• Some of the requirements in the UCITS Directive are subject to a principle of proportionality meaning that they should apply in a proportionate way in view of the nature, scale and complexity of the management company’s business (see for example Articles 10, 11, 12, 39 and 44 of Directive 2010/43/EU). This is positive and important not least for the growth and starting up of new business as a management company. However, the principle of proportionality has proven difficult to execute in practise and rarely provides any relief for the fund management companies. Therefore, and for level-playing-field reasons, it needs to be specified under which circumstances and conditions certain requirements may be disapplied.

B. Unnecessary regulatory burdens

Issue 5 - Excessive compliance costs and complexity

  • The Solvency II rules are aimed at Insurance Companies but the underlying product providers such as fund managers will have to apply the reporting requirements and bear the associated costs. The lack of standardisation on how to handle the requirements will make reporting more costly than necessary. To reduce the administrative burden the reporting requirements should be made clear and standardised, for example by introducing templates.
  • A number of regulations on anti-money laundering and terrorist financing leads to excessive work without the corresponding benefit. Many retail customers buying funds often go through controls three times due to anti-money laundering regulation; one time at the bank, a second time at the insurance mediator and a third time at the fund company. Since client relations are often established on distance management companies also have to do an enhanced customer due diligence.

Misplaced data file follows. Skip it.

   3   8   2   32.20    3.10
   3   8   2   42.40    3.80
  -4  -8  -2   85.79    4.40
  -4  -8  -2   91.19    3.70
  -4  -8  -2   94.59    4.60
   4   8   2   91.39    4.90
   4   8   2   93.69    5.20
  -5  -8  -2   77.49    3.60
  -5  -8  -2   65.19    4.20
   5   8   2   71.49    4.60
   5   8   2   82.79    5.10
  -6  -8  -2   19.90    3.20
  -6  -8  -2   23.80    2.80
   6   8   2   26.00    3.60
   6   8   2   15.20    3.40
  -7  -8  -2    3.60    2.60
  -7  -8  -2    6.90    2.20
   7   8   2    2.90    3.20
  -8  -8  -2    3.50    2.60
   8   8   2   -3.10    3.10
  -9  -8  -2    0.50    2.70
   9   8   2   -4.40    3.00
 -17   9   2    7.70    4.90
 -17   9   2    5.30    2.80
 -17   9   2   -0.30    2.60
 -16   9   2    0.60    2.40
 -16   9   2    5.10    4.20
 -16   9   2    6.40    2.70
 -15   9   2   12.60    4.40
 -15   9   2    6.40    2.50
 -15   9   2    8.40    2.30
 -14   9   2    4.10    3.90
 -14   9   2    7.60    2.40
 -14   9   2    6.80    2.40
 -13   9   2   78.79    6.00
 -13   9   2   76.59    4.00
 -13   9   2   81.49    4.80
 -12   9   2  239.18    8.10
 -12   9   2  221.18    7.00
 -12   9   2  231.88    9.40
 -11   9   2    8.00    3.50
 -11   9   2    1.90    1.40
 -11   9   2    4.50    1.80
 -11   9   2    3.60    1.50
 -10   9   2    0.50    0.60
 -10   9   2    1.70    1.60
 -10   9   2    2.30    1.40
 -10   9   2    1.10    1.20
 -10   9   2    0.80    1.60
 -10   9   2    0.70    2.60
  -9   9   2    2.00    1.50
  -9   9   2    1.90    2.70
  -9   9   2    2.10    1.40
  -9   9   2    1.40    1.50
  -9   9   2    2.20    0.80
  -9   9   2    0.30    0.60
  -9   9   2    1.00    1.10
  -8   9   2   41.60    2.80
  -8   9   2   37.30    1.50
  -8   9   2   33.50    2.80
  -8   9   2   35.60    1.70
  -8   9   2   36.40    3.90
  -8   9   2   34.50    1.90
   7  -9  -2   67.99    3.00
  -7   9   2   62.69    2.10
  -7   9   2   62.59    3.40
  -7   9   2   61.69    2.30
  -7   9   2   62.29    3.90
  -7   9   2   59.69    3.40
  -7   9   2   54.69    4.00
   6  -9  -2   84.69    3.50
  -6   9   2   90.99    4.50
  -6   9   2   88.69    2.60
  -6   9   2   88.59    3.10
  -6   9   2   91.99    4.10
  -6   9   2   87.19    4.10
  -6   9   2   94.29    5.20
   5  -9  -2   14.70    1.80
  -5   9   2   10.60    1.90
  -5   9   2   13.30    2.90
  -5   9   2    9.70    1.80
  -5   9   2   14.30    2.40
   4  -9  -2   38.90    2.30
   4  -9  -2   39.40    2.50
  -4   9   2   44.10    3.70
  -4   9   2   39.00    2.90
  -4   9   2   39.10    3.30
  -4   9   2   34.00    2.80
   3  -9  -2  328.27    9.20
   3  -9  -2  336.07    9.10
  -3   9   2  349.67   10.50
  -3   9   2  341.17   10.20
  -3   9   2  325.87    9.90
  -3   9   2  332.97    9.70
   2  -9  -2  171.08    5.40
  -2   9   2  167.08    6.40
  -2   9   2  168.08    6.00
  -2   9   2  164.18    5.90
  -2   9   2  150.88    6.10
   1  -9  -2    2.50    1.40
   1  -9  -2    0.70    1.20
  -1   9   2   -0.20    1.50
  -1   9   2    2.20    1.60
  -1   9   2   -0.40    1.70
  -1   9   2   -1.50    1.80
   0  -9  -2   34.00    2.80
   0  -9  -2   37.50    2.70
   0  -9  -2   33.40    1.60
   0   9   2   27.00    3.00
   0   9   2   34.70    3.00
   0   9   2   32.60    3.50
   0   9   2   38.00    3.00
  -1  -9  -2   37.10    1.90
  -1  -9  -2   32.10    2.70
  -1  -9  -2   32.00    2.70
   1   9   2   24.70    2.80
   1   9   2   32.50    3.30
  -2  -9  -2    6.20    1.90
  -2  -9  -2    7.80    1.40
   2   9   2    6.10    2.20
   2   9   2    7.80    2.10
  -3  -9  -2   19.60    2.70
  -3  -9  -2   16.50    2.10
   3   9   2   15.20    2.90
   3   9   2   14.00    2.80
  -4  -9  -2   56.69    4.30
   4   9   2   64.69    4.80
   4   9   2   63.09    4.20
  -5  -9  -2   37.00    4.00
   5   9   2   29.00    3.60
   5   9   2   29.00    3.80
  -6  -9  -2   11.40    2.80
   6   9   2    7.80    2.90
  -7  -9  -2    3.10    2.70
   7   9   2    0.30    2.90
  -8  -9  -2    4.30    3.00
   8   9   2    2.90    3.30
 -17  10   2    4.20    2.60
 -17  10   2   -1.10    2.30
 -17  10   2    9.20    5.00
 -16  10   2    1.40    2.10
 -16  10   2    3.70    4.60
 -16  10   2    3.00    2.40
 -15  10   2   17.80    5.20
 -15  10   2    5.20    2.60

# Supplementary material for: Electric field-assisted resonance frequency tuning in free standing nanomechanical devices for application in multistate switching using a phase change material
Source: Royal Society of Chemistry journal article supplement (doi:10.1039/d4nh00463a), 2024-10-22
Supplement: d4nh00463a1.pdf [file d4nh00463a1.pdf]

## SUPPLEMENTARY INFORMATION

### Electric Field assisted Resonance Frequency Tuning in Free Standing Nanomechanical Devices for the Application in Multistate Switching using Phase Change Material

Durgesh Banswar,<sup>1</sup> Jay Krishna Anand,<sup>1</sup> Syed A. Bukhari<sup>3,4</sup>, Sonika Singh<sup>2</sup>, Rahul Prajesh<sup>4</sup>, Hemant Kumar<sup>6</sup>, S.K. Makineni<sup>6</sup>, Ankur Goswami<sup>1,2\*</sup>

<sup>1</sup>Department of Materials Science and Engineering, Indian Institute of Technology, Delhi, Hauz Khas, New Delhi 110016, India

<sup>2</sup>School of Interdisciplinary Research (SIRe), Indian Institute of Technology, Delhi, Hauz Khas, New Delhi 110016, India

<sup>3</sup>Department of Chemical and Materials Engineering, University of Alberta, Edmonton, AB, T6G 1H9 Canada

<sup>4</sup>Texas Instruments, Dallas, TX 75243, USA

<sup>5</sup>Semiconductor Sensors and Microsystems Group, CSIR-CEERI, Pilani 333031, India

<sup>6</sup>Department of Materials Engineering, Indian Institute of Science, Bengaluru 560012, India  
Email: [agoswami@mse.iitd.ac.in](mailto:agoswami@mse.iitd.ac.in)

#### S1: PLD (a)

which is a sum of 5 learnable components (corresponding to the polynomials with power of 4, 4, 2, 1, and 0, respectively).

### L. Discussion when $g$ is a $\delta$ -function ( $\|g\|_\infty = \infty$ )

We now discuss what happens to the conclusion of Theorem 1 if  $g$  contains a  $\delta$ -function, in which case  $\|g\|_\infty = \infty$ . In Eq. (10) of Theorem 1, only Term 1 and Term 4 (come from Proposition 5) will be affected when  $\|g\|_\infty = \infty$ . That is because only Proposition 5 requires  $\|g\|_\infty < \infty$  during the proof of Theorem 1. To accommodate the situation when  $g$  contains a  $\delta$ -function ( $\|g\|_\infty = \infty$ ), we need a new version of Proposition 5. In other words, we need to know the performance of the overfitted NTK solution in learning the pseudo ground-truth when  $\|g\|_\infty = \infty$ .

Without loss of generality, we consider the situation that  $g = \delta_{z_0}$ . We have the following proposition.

Identification of politically exposed persons has to be done by every company which on the whole is very costly. It would be cost efficient to keep an official  list of politically exposed persons in every Member State.
  • Management companies must ensure that they obtain best execution of orders (Article 25 of Directive 2010/43/EU). The brokers used to execute the orders are themselves subject to best execution requirements (MiFID). To reduce the administrative burden of the management company there should be a presumption that the managements company has fulfilled its obligations when using an investment firm subject to MiFID requirements.
  • The recently revised Transparency Directive (2004/109/EC) requires notification of derivatives which do not confer a right to a physical settlement (of shares) but only of cash (Article 13.1 [b]). The objective is to prevent market abuse through secret acquisition of stocks by means of such instruments (Recital 9). The requirement gives rise to major administrative costs for UCITS management companies although the risk for such abuse or secret acquisition is negligible through the regulation of the UCITS Directive. A UCITS management company is prevented from acquiring shares which would enable it to exercise significant influence over a company (Article 56 of Directive 2009/65/EU). Certain funds may even according to their fund rules only acquire cash settled derivatives and are therefore prohibited from acquiring shares. The management company must nevertheless daily calculate voting rights on a so called delta-adjusted basis for cash settled derivates. Even though notifications will rarely take place – since the lowest threshold is not reached – the calculation must be done on a daily basis and systems and routines adapted. The requirement is not proportionate and not adapted to UCITS management companies.